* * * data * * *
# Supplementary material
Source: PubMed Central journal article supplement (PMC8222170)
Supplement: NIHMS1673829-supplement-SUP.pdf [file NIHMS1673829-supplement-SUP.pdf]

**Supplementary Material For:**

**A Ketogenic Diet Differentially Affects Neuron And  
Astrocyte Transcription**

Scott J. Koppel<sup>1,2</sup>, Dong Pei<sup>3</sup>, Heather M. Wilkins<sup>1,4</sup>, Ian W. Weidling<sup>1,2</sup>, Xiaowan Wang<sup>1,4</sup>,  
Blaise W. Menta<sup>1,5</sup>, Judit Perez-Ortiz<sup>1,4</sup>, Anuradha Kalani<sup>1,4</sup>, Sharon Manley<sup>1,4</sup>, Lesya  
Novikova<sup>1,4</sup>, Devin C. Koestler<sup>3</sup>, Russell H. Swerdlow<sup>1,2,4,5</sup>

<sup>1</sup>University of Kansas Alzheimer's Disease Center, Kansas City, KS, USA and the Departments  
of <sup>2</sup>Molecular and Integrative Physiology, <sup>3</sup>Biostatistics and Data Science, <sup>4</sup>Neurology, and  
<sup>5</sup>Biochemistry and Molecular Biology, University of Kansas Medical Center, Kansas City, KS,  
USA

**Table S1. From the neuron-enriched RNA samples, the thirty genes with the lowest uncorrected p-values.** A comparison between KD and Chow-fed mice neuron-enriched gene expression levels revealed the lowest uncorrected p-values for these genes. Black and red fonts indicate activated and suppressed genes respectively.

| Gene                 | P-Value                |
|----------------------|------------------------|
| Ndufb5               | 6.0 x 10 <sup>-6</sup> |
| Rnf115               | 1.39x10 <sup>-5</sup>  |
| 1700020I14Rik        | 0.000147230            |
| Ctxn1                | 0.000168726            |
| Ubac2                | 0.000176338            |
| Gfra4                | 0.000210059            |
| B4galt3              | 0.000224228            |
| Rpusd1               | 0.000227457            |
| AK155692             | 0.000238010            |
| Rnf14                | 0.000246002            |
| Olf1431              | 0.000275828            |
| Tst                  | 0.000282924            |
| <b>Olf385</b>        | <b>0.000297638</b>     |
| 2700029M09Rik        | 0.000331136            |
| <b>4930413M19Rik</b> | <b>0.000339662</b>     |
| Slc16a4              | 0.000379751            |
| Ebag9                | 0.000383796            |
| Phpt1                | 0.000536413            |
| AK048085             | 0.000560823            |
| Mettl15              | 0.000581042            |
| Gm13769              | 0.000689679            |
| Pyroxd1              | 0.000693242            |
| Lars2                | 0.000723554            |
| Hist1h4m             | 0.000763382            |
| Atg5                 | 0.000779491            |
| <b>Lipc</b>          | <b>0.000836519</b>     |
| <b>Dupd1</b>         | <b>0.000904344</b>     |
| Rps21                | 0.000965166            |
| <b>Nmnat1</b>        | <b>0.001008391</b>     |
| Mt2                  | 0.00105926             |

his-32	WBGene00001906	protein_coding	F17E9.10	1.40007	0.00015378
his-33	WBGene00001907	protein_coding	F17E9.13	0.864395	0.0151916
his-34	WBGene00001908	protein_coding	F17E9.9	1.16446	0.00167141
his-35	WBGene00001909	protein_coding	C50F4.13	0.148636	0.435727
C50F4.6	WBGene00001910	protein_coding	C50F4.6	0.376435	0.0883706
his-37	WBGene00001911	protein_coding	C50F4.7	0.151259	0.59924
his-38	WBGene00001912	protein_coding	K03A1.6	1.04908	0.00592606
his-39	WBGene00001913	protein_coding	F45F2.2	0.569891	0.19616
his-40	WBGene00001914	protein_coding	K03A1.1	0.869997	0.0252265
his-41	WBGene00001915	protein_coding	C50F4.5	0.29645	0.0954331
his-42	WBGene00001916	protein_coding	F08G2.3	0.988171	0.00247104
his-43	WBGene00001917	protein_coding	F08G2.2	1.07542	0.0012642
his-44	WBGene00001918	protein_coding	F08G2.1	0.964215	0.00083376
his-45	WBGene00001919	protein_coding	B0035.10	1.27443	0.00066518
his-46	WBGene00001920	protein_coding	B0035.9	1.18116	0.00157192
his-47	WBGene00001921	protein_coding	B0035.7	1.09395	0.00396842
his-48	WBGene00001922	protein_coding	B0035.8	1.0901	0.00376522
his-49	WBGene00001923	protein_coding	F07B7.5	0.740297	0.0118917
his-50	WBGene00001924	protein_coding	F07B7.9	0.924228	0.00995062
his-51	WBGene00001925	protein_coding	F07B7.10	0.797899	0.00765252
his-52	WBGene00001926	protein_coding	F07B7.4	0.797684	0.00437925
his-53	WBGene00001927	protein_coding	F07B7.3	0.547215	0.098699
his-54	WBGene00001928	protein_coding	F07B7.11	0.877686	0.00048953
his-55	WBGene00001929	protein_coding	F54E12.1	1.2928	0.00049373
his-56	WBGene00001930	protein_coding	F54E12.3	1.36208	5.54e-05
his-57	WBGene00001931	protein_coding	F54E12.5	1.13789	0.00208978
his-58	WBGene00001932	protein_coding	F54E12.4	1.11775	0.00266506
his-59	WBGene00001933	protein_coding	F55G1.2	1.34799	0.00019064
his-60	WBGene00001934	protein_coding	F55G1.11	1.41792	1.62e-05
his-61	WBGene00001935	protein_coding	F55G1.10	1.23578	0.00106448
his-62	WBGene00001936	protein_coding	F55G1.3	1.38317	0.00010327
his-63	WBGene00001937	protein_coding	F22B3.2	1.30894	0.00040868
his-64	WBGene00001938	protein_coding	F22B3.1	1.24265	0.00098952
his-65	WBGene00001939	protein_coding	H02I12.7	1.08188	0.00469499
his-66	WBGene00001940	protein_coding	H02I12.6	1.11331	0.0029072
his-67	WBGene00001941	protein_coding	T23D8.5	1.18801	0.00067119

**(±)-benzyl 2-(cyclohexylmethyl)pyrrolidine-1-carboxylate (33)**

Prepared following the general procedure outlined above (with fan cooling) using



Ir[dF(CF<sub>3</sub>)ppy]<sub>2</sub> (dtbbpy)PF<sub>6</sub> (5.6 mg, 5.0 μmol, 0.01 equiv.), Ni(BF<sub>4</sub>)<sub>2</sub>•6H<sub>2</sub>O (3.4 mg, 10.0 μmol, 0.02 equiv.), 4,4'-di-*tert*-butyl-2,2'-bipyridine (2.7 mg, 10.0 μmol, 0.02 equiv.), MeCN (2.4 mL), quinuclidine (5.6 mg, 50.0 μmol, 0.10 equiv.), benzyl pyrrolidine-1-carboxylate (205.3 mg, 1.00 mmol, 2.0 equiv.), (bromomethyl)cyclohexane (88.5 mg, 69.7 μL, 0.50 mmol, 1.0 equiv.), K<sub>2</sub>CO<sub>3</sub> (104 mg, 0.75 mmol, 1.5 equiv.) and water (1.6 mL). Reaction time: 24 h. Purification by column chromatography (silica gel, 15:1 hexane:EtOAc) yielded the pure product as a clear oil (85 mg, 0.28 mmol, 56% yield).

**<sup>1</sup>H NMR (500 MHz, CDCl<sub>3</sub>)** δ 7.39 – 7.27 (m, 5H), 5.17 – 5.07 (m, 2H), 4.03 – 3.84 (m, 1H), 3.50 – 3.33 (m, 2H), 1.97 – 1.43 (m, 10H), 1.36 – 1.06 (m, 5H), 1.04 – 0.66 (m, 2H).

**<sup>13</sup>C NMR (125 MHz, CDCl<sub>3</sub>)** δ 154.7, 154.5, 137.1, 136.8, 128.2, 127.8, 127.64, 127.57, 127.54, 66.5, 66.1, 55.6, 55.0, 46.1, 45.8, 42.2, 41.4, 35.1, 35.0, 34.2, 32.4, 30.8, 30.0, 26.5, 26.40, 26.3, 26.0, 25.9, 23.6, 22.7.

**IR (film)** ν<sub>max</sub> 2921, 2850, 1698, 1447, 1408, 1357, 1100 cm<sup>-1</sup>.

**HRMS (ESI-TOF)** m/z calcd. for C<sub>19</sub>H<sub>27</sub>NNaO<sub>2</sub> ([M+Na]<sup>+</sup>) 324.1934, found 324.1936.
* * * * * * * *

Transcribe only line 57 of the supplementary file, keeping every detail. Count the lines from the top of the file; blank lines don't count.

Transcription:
his-42	WBGene00001916	protein_coding	F08G2.3	0.988171	0.00247104